Today, we publish Scotland’s heat in buildings strategy and, with it, we mark a significant step towards bringing to an end the contribution that heating our homes and buildings makes to climate change. The ambition that is set out in the strategy is significant, and rightly so on the eve of the 26th UN climate change conference of the parties—COP26—in Glasgow. Urgent action is needed if we are to stand a chance of limiting warming to under 1.5°C.
The strategy presents a pathway towards decarbonising our homes and non-domestic buildings in line with our statutory climate change commitments, which all parties united behind when the Parliament passed the Climate Change (Emissions Reduction Targets) (Scotland) Act 2019. It sets out the Government’s vision that our homes and buildings will be cleaner, greener and easier to heat by 2045. That means improving energy efficiency standards and replacing fossil fuel heating systems with zero emissions ones.
The strategy sets a clear and overarching objective that, by 2030, greenhouse gas emissions from homes and buildings must be 68 per cent lower than they were in 2020. That will require more than a million homes and the equivalent of 50,000 non-domestic buildings to convert to zero emissions heat this decade. It is a huge transition that will affect communities, businesses and households all across Scotland.
To pave the way, it is essential that homes and buildings achieve a good standard of energy efficiency. By 2030, we want to see a large majority of homes achieving a level of energy efficiency that is at least equivalent to an energy performance certificate C, with all homes meeting that standard by 2033 where that is feasible and cost effective. That will ensure that future energy costs are affordable, and that we continue to remove poor energy efficiency as a driver of fuel poverty.
As we address the damaging climate change impact of heating with unabated fossil fuels, we must do so in a way that supports our efforts to tackle social inequality. We must deliver a just transition. The strategy therefore sets out the guiding principles that will ensure that our actions to decarbonise heat do not have a detrimental impact on rates of fuel poverty.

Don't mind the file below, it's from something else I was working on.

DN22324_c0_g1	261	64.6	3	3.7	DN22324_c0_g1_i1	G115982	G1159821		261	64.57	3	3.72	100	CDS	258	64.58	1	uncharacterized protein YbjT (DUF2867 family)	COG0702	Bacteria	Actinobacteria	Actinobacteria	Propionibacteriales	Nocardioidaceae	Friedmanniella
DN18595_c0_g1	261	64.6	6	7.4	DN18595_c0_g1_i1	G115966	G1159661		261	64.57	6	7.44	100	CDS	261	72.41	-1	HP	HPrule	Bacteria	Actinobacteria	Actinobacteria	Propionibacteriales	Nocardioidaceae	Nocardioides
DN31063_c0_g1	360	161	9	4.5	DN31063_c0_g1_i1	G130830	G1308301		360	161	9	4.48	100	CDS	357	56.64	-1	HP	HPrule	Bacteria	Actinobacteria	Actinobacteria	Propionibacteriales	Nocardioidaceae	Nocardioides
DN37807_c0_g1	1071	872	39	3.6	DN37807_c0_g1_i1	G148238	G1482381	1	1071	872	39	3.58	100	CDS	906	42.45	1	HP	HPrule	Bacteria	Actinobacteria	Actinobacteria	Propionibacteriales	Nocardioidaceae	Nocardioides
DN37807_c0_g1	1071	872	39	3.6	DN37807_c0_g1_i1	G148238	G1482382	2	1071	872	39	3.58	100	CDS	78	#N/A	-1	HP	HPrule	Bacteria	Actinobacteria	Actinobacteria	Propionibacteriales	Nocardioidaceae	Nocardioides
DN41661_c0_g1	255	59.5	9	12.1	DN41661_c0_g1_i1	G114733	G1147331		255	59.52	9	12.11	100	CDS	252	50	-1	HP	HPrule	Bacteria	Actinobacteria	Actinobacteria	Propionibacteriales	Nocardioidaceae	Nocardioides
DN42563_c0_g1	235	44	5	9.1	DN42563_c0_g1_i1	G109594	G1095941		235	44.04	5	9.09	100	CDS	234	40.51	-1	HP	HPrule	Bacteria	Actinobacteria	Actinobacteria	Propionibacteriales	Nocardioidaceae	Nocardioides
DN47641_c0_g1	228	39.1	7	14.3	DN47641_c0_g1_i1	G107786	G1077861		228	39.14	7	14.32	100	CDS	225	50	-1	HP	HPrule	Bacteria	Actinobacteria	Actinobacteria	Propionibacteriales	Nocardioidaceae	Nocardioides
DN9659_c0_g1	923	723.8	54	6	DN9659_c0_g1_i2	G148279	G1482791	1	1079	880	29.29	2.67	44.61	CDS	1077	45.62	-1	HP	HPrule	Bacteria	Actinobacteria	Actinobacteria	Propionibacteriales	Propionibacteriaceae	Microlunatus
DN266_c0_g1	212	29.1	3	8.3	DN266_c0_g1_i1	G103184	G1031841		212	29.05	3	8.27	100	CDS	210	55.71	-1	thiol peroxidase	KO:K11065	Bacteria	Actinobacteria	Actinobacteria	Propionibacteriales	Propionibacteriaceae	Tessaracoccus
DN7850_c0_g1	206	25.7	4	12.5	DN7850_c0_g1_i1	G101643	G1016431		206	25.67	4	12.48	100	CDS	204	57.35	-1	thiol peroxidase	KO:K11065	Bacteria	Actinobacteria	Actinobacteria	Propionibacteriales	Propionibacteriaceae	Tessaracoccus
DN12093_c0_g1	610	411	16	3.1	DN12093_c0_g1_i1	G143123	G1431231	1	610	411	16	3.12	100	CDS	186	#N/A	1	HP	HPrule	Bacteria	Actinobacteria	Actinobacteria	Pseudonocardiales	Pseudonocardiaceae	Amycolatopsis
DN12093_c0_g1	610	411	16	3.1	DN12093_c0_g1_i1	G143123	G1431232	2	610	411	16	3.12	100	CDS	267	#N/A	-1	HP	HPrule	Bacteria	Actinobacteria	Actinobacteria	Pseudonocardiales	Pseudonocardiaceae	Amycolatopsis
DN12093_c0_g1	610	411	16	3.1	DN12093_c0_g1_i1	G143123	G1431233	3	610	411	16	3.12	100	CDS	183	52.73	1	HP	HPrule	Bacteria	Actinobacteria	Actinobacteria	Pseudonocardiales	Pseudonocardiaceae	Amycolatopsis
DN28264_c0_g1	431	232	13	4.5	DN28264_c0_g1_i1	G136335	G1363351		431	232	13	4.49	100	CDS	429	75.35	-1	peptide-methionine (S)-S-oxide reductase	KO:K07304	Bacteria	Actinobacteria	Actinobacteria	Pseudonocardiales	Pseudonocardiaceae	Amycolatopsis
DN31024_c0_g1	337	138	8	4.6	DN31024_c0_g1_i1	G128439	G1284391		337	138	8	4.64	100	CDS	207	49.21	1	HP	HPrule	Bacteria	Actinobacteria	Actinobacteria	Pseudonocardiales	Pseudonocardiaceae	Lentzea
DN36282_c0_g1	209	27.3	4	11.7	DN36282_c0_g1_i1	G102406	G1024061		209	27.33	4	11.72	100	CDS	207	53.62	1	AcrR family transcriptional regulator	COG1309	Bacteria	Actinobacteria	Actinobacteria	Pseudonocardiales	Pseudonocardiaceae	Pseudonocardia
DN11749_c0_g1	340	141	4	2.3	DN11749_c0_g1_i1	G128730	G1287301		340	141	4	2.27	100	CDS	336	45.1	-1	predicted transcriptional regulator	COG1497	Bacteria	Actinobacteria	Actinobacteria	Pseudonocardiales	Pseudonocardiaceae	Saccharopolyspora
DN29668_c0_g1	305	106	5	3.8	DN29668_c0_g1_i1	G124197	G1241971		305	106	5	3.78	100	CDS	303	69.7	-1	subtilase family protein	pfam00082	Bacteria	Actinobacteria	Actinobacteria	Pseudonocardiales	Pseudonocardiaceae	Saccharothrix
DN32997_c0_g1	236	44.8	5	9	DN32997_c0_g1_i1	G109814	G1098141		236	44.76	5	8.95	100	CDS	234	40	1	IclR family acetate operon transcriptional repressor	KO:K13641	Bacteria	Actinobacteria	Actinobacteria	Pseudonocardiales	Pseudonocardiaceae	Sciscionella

We recognise that there are challenges. Many zero-emissions heating systems are currently more costly to install and can be more expensive to run than fossil fuel alternatives. Just as we have seen with renewable electricity, however, costs are coming down rapidly and they will continue to do so, but we need to work together across sectors and jurisdictions to overcome barriers and build momentum. We will provide support to help people to switch to zero-emissions heating, reducing household costs, improving homes and helping to tackle the climate emergency.
The strategy that we publish today builds on the draft that was published in February. I was pleased that the draft received so many supportive responses, and to see the breadth of stakeholders who welcomed the scale and pace of ambition that it set out. The final strategy reflects much of the insight that was generated through the consultation, as well as the additional actions that have been agreed as part of the Scottish Government’s agreement with the Scottish Green Party.
As we undertake the heat transition, we know that there will be more issues to resolve and we are committed to doing so collaboratively, drawing on the best knowledge and ideas from across society. Today’s strategy sets a clear direction for the heat transition, but it also acknowledges that no one has all the answers at this stage. The strategy lays a firm foundation for on-going work, including through the refreshed energy strategy and energy just transition plan that will be published next year, and the fuel poverty strategy that will be published later this year.
Over this session of Parliament, we will invest at least £1.8 billion in heat and energy efficiency projects across Scotland. As well as helping to meet our targets, that will provide a much-needed stimulus to the heat and energy efficiency sector and the broader construction and home maintenance and improvement industries, thereby contributing to a green economic recovery for Scotland.
I am pleased to announce that we are doubling the social housing net zero heat fund to at least £200 million. That capital funding will support decarbonisation of social housing, and it illustrates our on-going commitment to working with the sector. We are also more than doubling the funding that is allocated to improving public sector buildings such as schools and hospitals to at least £200 million, which will enable the public sector estate to showcase zero-emissions buildings. In addition, we have committed to investing at least £400 million over the parliamentary session in large-scale heat and energy efficiency projects, including zero carbon heat networks and large-scale heat pumps.